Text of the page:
Pike River will be a test for English.  If he holds out on that he will have to offer a lot in other areas.  Would he agree to a binding referendum on the continuation of the Maori seats?  That would certainly make for a legacy.

If the Maori Party took seats off Labour and Hone to Davis's seat Little could agree to such a referendum.

I was called by UMR Research about a week ago.  The results should come out soon.  If they are similar then it looks likely we are going to have a very interesting election.

by Andrew Geddis on February 21, 2017
Andrew Geddis

In fact, this was almost the result in 2014. If National had got just one seat less, they would have needed New Zealand First's support to remain in power.

Not quite. After the count of special votes, etc, National had 60 out of 121 seats. It thus needed only one vote from the Act/UF/Maori Party mix to govern. It wasn't until they lost the Northland by-election that they began to need both Act/UF or the Maori Party to govern.

Of course, National could have got as few as 57 seats and still been able to govern with all of Act/UF/Maori Party behind them ... but that would have been incredibly messy (remember that add with lots of different people rowing in different directions?), so a deal with Winston would have been much more attractive.

by Andrew Geddis on February 21, 2017
Andrew Geddis

Yet the Greens have nowhere else to go other than to support Labour. It would surely be unthinkable that the Greens would allow National to form a minority government by abstaining on confidence votes.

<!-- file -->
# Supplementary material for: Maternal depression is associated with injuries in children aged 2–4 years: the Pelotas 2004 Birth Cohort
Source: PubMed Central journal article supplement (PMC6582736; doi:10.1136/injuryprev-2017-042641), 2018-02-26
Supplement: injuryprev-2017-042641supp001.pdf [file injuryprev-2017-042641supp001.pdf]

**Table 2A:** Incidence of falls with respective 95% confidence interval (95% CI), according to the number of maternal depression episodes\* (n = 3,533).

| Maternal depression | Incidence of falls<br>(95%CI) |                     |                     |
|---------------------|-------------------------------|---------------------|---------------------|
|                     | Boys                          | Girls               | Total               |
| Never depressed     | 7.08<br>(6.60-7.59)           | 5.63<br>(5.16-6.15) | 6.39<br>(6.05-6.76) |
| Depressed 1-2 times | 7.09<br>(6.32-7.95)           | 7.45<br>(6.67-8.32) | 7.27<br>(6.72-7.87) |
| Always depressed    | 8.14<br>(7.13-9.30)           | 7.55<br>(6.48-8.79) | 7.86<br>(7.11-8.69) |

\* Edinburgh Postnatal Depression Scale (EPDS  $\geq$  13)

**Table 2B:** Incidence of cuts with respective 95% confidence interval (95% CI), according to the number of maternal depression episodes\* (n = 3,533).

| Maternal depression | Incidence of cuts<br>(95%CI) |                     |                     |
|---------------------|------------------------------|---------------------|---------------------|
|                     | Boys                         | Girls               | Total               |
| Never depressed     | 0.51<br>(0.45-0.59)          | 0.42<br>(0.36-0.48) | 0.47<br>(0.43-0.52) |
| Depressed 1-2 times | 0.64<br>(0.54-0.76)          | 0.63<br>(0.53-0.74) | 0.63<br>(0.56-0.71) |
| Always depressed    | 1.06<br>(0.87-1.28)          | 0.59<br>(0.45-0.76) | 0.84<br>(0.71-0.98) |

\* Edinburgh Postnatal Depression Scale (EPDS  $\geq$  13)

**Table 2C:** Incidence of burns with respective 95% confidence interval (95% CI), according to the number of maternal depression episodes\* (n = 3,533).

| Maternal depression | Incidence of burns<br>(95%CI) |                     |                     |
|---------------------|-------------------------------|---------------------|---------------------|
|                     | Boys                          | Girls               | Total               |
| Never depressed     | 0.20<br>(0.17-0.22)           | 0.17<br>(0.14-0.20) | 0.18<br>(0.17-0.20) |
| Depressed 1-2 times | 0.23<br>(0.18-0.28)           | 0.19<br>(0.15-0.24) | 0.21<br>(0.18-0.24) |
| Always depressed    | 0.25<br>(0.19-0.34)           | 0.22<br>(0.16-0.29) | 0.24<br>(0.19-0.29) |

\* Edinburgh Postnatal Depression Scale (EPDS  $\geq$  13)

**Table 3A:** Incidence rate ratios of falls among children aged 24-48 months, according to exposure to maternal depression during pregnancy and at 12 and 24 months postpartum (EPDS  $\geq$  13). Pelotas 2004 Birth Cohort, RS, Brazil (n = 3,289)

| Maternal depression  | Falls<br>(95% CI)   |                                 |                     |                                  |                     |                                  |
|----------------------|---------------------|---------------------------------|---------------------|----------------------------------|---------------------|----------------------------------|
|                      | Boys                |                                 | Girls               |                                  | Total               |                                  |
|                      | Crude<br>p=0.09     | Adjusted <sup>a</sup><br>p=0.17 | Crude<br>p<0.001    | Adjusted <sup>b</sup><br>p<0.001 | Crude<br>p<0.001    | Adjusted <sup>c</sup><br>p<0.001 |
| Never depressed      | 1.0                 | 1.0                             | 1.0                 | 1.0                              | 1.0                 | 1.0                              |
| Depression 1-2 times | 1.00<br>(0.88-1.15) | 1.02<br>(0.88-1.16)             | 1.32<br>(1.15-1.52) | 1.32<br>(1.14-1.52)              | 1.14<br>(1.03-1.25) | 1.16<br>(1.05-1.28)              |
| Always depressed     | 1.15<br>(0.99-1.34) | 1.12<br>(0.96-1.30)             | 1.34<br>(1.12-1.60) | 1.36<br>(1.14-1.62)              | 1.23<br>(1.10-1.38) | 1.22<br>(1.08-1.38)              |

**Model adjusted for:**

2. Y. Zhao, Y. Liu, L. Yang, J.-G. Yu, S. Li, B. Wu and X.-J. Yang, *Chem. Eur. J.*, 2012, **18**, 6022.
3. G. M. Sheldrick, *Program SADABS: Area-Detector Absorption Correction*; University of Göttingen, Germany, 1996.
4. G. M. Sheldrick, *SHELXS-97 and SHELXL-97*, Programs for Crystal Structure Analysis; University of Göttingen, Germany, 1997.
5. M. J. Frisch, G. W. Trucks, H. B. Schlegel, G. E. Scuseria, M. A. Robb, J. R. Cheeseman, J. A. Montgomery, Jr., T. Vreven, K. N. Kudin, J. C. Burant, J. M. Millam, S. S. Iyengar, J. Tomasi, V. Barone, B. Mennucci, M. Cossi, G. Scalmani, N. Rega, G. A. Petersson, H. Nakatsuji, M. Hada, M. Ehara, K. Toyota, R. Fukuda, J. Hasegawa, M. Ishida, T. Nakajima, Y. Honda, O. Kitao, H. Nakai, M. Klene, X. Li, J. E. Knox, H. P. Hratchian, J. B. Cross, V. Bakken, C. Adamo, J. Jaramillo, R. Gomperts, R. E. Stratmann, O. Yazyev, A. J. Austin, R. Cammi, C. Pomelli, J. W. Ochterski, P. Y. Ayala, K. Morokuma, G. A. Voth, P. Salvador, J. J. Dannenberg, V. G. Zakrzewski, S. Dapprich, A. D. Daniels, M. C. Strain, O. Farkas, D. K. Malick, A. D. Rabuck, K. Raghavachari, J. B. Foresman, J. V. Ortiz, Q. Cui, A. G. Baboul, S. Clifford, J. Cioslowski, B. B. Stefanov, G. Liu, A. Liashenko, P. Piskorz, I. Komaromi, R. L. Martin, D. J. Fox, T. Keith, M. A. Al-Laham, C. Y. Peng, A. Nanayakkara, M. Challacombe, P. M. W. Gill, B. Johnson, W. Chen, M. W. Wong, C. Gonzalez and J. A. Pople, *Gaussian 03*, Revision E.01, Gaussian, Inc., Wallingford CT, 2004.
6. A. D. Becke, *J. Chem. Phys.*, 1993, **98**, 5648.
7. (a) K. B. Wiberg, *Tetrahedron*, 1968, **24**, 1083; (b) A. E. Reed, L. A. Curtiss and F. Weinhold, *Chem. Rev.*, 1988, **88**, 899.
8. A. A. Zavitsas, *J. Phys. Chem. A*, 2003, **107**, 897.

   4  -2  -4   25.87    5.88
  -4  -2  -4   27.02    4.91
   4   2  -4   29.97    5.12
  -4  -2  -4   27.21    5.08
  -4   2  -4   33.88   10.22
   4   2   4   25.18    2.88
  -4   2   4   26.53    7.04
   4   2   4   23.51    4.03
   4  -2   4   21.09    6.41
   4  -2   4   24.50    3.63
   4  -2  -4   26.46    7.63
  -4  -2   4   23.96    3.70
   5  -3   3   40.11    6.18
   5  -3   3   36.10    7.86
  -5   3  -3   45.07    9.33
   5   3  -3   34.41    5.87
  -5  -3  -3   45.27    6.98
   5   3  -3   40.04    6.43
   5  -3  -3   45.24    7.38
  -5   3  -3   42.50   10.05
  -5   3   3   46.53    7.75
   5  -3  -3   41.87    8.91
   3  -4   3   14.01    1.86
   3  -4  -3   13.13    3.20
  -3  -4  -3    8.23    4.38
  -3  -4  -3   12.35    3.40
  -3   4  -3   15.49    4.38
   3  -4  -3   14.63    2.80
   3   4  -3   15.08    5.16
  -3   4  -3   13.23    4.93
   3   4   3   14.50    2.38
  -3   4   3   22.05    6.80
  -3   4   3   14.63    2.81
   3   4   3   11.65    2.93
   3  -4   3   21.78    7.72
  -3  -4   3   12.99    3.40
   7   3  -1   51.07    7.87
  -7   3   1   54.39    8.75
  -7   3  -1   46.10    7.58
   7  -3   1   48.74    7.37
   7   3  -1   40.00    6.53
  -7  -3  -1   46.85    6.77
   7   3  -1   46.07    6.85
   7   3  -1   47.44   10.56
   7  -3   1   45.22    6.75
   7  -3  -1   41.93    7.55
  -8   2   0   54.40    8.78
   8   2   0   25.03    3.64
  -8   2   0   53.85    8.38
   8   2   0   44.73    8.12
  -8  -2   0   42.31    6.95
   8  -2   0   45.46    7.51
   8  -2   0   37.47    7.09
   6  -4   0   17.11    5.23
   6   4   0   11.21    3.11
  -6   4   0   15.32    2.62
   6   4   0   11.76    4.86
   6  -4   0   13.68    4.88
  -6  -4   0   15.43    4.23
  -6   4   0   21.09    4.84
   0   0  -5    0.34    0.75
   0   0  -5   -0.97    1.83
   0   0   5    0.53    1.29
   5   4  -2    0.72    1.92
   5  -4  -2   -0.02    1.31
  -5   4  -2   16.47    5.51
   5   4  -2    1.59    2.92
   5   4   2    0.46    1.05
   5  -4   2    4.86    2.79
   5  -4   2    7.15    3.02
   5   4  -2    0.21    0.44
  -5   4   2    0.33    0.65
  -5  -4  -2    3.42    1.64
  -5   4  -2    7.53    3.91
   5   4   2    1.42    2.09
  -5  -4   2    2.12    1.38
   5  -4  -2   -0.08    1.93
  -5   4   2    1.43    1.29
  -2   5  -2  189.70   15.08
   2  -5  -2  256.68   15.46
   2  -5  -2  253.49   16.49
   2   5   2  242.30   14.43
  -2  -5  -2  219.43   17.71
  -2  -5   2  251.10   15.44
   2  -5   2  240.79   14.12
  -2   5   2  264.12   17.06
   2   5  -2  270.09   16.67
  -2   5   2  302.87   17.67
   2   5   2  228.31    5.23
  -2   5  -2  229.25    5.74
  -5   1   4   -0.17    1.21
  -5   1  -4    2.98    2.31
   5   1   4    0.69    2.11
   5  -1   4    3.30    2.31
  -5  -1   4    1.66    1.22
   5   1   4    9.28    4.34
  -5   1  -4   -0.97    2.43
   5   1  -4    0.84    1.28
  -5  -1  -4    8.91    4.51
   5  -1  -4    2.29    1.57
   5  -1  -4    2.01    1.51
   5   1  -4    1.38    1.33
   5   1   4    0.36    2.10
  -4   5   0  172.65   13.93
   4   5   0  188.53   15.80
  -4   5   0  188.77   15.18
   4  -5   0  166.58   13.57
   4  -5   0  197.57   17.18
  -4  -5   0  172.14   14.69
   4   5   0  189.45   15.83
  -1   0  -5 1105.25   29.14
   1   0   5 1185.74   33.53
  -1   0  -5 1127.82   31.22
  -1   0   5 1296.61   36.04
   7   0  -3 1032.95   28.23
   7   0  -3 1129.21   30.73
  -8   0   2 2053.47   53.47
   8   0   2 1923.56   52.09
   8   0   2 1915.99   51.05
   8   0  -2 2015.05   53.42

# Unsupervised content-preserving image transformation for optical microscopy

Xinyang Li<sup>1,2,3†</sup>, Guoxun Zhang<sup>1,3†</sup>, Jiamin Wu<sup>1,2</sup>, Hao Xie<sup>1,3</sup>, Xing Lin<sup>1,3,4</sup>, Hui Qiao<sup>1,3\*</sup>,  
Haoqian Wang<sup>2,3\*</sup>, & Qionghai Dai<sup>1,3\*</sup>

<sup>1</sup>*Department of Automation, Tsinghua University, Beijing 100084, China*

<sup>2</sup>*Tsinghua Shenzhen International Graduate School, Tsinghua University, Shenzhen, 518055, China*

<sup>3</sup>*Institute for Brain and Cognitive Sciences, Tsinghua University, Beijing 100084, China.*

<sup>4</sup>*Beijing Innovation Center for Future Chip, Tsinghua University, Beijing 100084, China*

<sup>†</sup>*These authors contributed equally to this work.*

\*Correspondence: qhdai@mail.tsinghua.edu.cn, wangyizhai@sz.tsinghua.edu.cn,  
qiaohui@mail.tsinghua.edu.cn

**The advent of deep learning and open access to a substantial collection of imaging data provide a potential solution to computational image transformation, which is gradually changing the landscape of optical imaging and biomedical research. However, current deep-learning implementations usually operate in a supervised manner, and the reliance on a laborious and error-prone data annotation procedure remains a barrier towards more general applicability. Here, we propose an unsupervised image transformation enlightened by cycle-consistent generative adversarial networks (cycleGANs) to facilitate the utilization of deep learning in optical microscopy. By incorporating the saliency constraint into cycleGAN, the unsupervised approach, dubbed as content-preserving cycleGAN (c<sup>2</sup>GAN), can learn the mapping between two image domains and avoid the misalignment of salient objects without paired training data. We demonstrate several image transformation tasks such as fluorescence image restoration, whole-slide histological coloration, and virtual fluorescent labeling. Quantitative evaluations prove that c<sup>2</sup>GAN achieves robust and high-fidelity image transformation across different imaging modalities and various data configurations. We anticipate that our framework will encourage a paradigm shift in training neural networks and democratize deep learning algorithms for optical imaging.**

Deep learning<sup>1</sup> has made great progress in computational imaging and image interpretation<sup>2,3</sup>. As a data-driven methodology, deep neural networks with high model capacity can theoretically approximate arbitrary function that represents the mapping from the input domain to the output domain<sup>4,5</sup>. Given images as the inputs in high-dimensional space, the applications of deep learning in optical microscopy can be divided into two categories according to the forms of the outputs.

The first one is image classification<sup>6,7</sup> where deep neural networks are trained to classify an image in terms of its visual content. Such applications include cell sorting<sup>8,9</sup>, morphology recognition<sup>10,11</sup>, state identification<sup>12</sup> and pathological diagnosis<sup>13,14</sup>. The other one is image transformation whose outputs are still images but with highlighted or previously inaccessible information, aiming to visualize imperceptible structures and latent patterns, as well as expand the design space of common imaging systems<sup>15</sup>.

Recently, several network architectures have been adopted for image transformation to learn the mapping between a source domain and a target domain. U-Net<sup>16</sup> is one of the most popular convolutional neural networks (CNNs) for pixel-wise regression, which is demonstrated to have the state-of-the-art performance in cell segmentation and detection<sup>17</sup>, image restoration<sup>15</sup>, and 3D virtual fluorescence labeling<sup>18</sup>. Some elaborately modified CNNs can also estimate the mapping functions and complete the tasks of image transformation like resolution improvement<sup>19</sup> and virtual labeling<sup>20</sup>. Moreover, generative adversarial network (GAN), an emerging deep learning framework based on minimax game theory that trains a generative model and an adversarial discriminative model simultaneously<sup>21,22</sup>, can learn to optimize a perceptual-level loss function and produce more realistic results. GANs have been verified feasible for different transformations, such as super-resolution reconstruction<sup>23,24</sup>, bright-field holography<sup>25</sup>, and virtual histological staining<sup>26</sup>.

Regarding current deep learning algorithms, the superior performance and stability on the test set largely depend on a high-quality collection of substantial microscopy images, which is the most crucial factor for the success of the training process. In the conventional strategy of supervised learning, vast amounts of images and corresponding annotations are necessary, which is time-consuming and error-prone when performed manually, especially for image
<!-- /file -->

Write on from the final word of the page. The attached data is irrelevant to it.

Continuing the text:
Of course, the decision on what to do post-election ultimately lies with the membership of the party - any agreement to govern with Labour/NZ First has to be ratified by elected delegates at a Special General Meeting. I would not assume that this will rubber-stamp an arrangement that sees Winston Peters as PM (even on a temporary basis).

by Chuck Bird on February 21, 2017
Chuck Bird

Winston of course has the option of sitting on the cross benches if neither Labour or National will argee with enough of his policies.

by Rich on February 21, 2017
Rich

Well, renewable electricity in NZ peaked during and immediately after the Muldoon government (https://en.wikipedia.org/wiki/Renewable_electricity_in_New_Zealand). Given that Muldoon is Peters' role model, that's maybe one policy NZF and Greens have in common?

Also, as Chuck notes, a governing party doesn't absolutely need full confidence and supply to embark on government - it needs not to lose an in initial confidence motion. It might make sense for either the Greens or NZF to offer initial support and take budgets, legislation and policy as it comes, rather than be entrenched in a government they are often at odds with.

 

by Chuck Bird on February 21, 2017
Chuck Bird

Rich, I do not think the cross benches would be Winston's prefered option.  However, it is a backup.

by Charlie on February 26, 2017
Charlie

Good analysis Wayne

This raised a smile: One represents New Zealand as it was, the other a utopian view of how it should be. 

Nicely done!